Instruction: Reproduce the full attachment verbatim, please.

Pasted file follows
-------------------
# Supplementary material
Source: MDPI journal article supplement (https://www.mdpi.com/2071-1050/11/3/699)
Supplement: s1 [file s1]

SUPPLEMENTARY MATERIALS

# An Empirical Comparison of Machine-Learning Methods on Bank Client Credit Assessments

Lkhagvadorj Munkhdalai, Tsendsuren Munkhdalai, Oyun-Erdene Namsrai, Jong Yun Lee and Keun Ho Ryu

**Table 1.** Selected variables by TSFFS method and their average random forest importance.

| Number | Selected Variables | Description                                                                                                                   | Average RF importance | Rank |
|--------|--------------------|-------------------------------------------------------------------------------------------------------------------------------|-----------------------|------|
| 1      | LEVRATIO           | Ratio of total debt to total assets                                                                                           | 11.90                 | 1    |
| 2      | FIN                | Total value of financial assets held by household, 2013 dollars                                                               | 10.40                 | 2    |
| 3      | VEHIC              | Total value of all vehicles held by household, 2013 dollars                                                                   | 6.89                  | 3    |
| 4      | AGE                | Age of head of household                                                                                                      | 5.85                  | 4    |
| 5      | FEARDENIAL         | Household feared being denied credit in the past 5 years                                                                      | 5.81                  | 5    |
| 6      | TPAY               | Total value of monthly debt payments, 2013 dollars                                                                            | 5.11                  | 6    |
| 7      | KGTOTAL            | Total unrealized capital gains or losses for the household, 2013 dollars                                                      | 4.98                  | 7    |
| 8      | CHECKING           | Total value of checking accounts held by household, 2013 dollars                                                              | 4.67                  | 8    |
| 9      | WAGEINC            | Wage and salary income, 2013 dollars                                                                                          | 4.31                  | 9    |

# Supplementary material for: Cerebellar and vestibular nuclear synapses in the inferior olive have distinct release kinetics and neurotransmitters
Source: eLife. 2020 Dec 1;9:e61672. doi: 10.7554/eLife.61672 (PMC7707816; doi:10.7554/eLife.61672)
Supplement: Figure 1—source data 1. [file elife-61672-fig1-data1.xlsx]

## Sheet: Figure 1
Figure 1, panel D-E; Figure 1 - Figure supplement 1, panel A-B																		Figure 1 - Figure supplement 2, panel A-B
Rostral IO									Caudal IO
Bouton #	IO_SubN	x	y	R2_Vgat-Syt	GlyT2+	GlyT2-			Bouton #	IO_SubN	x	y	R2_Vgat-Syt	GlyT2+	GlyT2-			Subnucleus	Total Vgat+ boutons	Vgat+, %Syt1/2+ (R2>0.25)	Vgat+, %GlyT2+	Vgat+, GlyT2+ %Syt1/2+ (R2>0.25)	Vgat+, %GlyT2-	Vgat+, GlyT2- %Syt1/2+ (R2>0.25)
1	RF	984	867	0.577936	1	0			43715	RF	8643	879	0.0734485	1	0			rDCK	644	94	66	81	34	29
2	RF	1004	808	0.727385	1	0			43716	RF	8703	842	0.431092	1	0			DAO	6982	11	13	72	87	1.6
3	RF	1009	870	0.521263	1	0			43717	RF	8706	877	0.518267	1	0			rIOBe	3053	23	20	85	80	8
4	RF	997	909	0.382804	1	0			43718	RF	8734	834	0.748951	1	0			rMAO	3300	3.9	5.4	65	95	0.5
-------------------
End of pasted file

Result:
# Supplementary material
Source: MDPI journal article supplement (https://www.mdpi.com/2071-1050/11/3/699)
Supplement: s1 [file s1]

SUPPLEMENTARY MATERIALS

# An Empirical Comparison of Machine-Learning Methods on Bank Client Credit Assessments

Lkhagvadorj Munkhdalai, Tsendsuren Munkhdalai, Oyun-Erdene Namsrai, Jong Yun Lee and Keun Ho Ryu

**Table 1.** Selected variables by TSFFS method and their average random forest importance.

| Number | Selected Variables | Description                                                                                                                   | Average RF importance | Rank |
|--------|--------------------|-------------------------------------------------------------------------------------------------------------------------------|-----------------------|------|
| 1      | LEVRATIO           | Ratio of total debt to total assets                                                                                           | 11.90                 | 1    |
| 2      | FIN                | Total value of financial assets held by household, 2013 dollars                                                               | 10.40                 | 2    |
| 3      | VEHIC              | Total value of all vehicles held by household, 2013 dollars                                                                   | 6.89                  | 3    |
| 4      | AGE                | Age of head of household                                                                                                      | 5.85                  | 4    |
| 5      | FEARDENIAL         | Household feared being denied credit in the past 5 years                                                                      | 5.81                  | 5    |
| 6      | TPAY               | Total value of monthly debt payments, 2013 dollars                                                                            | 5.11                  | 6    |
| 7      | KGTOTAL            | Total unrealized capital gains or losses for the household, 2013 dollars                                                      | 4.98                  | 7    |
| 8      | CHECKING           | Total value of checking accounts held by household, 2013 dollars                                                              | 4.67                  | 8    |
| 9      | WAGEINC            | Wage and salary income, 2013 dollars                                                                                          | 4.31                  | 9    |

# Supplementary material for: Cerebellar and vestibular nuclear synapses in the inferior olive have distinct release kinetics and neurotransmitters
Source: eLife. 2020 Dec 1;9:e61672. doi: 10.7554/eLife.61672 (PMC7707816; doi:10.7554/eLife.61672)
Supplement: Figure 1—source data 1. [file elife-61672-fig1-data1.xlsx]

## Sheet: Figure 1
Figure 1, panel D-E; Figure 1 - Figure supplement 1, panel A-B																		Figure 1 - Figure supplement 2, panel A-B
Rostral IO									Caudal IO
Bouton #	IO_SubN	x	y	R2_Vgat-Syt	GlyT2+	GlyT2-			Bouton #	IO_SubN	x	y	R2_Vgat-Syt	GlyT2+	GlyT2-			Subnucleus	Total Vgat+ boutons	Vgat+, %Syt1/2+ (R2>0.25)	Vgat+, %GlyT2+	Vgat+, GlyT2+ %Syt1/2+ (R2>0.25)	Vgat+, %GlyT2-	Vgat+, GlyT2- %Syt1/2+ (R2>0.25)
1	RF	984	867	0.577936	1	0			43715	RF	8643	879	0.0734485	1	0			rDCK	644	94	66	81	34	29
2	RF	1004	808	0.727385	1	0			43716	RF	8703	842	0.431092	1	0			DAO	6982	11	13	72	87	1.6
3	RF	1009	870	0.521263	1	0			43717	RF	8706	877	0.518267	1	0			rIOBe	3053	23	20	85	80	8
4	RF	997	909	0.382804	1	0			43718	RF	8734	834	0.748951	1	0			rMAO	3300	3.9	5.4	65	95	0.5